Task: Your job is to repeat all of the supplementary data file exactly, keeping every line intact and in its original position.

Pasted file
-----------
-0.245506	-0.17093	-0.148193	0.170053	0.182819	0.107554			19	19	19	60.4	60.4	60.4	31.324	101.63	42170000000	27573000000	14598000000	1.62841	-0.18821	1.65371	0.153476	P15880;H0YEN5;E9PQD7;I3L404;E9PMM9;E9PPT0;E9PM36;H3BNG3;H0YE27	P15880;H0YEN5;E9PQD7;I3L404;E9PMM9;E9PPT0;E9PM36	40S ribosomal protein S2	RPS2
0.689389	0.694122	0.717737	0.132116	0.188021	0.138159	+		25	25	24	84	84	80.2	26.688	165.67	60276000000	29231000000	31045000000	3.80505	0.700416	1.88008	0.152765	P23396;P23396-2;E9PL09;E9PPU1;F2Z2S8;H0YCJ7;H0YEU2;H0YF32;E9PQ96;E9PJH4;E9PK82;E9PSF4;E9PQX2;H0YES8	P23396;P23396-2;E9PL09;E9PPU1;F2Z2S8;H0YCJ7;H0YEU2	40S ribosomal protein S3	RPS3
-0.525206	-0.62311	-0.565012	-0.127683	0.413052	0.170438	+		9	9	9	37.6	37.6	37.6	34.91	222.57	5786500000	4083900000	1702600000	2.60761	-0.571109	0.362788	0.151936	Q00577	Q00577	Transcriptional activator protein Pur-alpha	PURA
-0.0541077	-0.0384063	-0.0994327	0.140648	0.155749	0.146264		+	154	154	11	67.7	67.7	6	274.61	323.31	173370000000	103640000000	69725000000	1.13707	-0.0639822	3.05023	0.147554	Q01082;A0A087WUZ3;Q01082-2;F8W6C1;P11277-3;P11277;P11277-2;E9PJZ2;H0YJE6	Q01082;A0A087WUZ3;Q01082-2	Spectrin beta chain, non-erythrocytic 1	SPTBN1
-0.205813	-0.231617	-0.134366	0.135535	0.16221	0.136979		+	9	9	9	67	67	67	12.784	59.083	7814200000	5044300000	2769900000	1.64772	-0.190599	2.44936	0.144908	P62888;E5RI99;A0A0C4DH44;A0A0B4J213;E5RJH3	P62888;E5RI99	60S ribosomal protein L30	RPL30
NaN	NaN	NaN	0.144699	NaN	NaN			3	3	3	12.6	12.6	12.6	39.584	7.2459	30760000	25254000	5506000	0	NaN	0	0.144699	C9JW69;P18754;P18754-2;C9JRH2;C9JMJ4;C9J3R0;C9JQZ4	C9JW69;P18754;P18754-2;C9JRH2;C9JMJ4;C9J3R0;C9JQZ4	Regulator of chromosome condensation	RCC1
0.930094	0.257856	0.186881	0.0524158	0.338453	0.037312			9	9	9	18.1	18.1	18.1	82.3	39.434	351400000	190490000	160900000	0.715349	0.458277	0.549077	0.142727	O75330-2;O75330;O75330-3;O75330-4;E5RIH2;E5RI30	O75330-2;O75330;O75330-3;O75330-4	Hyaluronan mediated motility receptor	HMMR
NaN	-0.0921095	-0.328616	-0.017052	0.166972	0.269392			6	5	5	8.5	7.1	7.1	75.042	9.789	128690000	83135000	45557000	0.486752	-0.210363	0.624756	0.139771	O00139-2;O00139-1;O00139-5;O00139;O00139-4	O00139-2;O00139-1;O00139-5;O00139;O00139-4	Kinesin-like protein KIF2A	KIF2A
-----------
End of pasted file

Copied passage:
-0.245506	-0.17093	-0.148193	0.170053	0.182819	0.107554			19	19	19	60.4	60.4	60.4	31.324	101.63	42170000000	27573000000	14598000000	1.62841	-0.18821	1.65371	0.153476	P15880;H0YEN5;E9PQD7;I3L404;E9PMM9;E9PPT0;E9PM36;H3BNG3;H0YE27	P15880;H0YEN5;E9PQD7;I3L404;E9PMM9;E9PPT0;E9PM36	40S ribosomal protein S2	RPS2
0.689389	0.694122	0.717737	0.132116	0.188021	0.138159	+		25	25	24	84	84	80.2	26.688	165.67	60276000000	29231000000	31045000000	3.80505	0.700416	1.88008	0.152765	P23396;P23396-2;E9PL09;E9PPU1;F2Z2S8;H0YCJ7;H0YEU2;H0YF32;E9PQ96;E9PJH4;E9PK82;E9PSF4;E9PQX2;H0YES8	P23396;P23396-2;E9PL09;E9PPU1;F2Z2S8;H0YCJ7;H0YEU2	40S ribosomal protein S3	RPS3
-0.525206	-0.62311	-0.565012	-0.127683	0.413052	0.170438	+		9	9	9	37.6	37.6	37.6	34.91	222.57	5786500000	4083900000	1702600000	2.60761	-0.571109	0.362788	0.151936	Q00577	Q00577	Transcriptional activator protein Pur-alpha	PURA
-0.0541077	-0.0384063	-0.0994327	0.140648	0.155749	0.146264		+	154	154	11	67.7	67.7	6	274.61	323.31	173370000000	103640000000	69725000000	1.13707	-0.0639822	3.05023	0.147554	Q01082;A0A087WUZ3;Q01082-2;F8W6C1;P11277-3;P11277;P11277-2;E9PJZ2;H0YJE6	Q01082;A0A087WUZ3;Q01082-2	Spectrin beta chain, non-erythrocytic 1	SPTBN1
-0.205813	-0.231617	-0.134366	0.135535	0.16221	0.136979		+	9	9	9	67	67	67	12.784	59.083	7814200000	5044300000	2769900000	1.64772	-0.190599	2.44936	0.144908	P62888;E5RI99;A0A0C4DH44;A0A0B4J213;E5RJH3	P62888;E5RI99	60S ribosomal protein L30	RPL30
NaN	NaN	NaN	0.144699	NaN	NaN			3	3	3	12.6	12.6	12.6	39.584	7.2459	30760000	25254000	5506000	0	NaN	0	0.144699	C9JW69;P18754;P18754-2;C9JRH2;C9JMJ4;C9J3R0;C9JQZ4	C9JW69;P18754;P18754-2;C9JRH2;C9JMJ4;C9J3R0;C9JQZ4	Regulator of chromosome condensation	RCC1
0.930094	0.257856	0.186881	0.0524158	0.338453	0.037312			9	9	9	18.1	18.1	18.1	82.3	39.434	351400000	190490000	160900000	0.715349	0.458277	0.549077	0.142727	O75330-2;O75330;O75330-3;O75330-4;E5RIH2;E5RI30	O75330-2;O75330;O75330-3;O75330-4	Hyaluronan mediated motility receptor	HMMR
NaN	-0.0921095	-0.328616	-0.017052	0.166972	0.269392			6	5	5	8.5	7.1	7.1	75.042	9.789	128690000	83135000	45557000	0.486752	-0.210363	0.624756	0.139771	O00139-2;O00139-1;O00139-5;O00139;O00139-4	O00139-2;O00139-1;O00139-5;O00139;O00139-4	Kinesin-like protein KIF2A	KIF2A